Also unaddressed by this administration is the Medicare elephant in the room. This is probably the main impetus to the desire for “reform”. The cost of this welfare program has far exceeded anything predicted by its original and later supporters and it is basically unfunded considered from an insurance standpoint. The obligations for Medicare commitments must come from transfer payments. What institution is responsible for delivering this example of performance in health care services? It is none other than the central government, the foremost representative of which now expects you to believe that this time it will be different.
Let’s suggest possible answers to the aforementioned questions. Economic analysis might well find that since the inception of Medicare in 1965 the demand for health services rose astronomically. Obviously, this would contribute to rising prices. More patients are asking for service. A possible reason is that most seniors on Medicare don’t have to pay much for their care as it is covered by a third party, the government on behalf of taxpayers. Therefore, and many a harried doctor will no doubt confirm anecdotally, patients appear at doctors’ offices for the most trivial of complaints.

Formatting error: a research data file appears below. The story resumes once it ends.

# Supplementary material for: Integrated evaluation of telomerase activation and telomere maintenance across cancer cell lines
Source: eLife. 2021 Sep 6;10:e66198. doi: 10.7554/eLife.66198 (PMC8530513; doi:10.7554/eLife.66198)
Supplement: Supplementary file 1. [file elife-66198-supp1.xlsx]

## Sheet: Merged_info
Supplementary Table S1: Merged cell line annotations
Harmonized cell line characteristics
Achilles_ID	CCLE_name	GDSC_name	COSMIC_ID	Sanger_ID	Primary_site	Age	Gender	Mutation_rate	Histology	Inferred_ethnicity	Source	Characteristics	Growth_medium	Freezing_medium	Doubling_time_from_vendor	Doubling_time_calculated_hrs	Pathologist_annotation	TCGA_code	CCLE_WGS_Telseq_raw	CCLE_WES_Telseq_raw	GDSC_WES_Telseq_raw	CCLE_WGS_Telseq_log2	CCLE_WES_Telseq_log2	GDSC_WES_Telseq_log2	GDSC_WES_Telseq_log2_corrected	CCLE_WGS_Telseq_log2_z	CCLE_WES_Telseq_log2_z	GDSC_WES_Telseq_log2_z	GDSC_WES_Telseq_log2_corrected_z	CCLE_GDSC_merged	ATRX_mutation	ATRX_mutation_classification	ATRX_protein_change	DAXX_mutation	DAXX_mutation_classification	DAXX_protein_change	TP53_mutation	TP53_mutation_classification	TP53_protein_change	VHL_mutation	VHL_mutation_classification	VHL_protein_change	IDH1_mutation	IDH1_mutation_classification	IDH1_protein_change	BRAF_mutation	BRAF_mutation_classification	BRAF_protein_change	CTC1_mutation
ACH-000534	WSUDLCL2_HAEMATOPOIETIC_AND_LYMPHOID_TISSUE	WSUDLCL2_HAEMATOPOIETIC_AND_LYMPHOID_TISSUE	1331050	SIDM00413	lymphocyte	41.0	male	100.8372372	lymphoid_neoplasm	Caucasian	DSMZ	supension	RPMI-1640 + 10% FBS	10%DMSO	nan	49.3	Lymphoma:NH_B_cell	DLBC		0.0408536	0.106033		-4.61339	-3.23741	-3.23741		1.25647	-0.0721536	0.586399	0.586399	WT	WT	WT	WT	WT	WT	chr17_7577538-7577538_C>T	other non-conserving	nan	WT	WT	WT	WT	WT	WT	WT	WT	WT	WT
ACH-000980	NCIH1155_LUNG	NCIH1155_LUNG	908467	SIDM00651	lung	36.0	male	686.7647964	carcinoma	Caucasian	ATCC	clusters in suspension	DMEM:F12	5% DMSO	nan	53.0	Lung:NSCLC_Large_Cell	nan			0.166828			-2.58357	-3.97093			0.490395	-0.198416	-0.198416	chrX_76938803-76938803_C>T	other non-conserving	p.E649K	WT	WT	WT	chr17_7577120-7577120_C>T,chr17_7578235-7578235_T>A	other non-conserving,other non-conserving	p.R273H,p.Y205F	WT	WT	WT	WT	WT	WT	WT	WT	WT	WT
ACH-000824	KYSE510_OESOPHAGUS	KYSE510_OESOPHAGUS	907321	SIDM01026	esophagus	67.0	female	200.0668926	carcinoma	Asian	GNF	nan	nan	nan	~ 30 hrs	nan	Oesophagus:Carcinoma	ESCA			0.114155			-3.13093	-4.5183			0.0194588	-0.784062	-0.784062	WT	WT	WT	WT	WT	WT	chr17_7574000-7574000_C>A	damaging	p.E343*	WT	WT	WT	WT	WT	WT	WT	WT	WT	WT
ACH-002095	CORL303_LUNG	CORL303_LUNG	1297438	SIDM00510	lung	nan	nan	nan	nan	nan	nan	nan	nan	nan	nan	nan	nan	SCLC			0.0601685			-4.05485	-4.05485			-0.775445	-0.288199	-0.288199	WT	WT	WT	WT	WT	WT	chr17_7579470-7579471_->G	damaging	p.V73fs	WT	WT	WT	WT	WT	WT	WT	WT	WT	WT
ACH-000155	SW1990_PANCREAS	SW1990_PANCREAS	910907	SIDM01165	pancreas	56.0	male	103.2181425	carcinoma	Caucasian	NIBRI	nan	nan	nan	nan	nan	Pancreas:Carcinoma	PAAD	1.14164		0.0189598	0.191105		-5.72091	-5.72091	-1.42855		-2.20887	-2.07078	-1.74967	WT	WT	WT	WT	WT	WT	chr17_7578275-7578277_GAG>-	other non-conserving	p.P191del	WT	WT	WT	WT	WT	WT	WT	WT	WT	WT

The third party factor also applies to the so-called health insurance programs supplied by employers in the United States. With mandatory covered services and other government regulated aspects of these programs there is a remote connection between most patients and the actual cost of services. In fact, most of the complicated processing of claims filed by doctors on behalf of their patients is handled by claims processing specialists who act as agents in submitting the claims to insurers. The typical patient has no idea of what the cost of a particular visit might be and does not make any better choices than the senior on Medicare in terms of personal responsibility.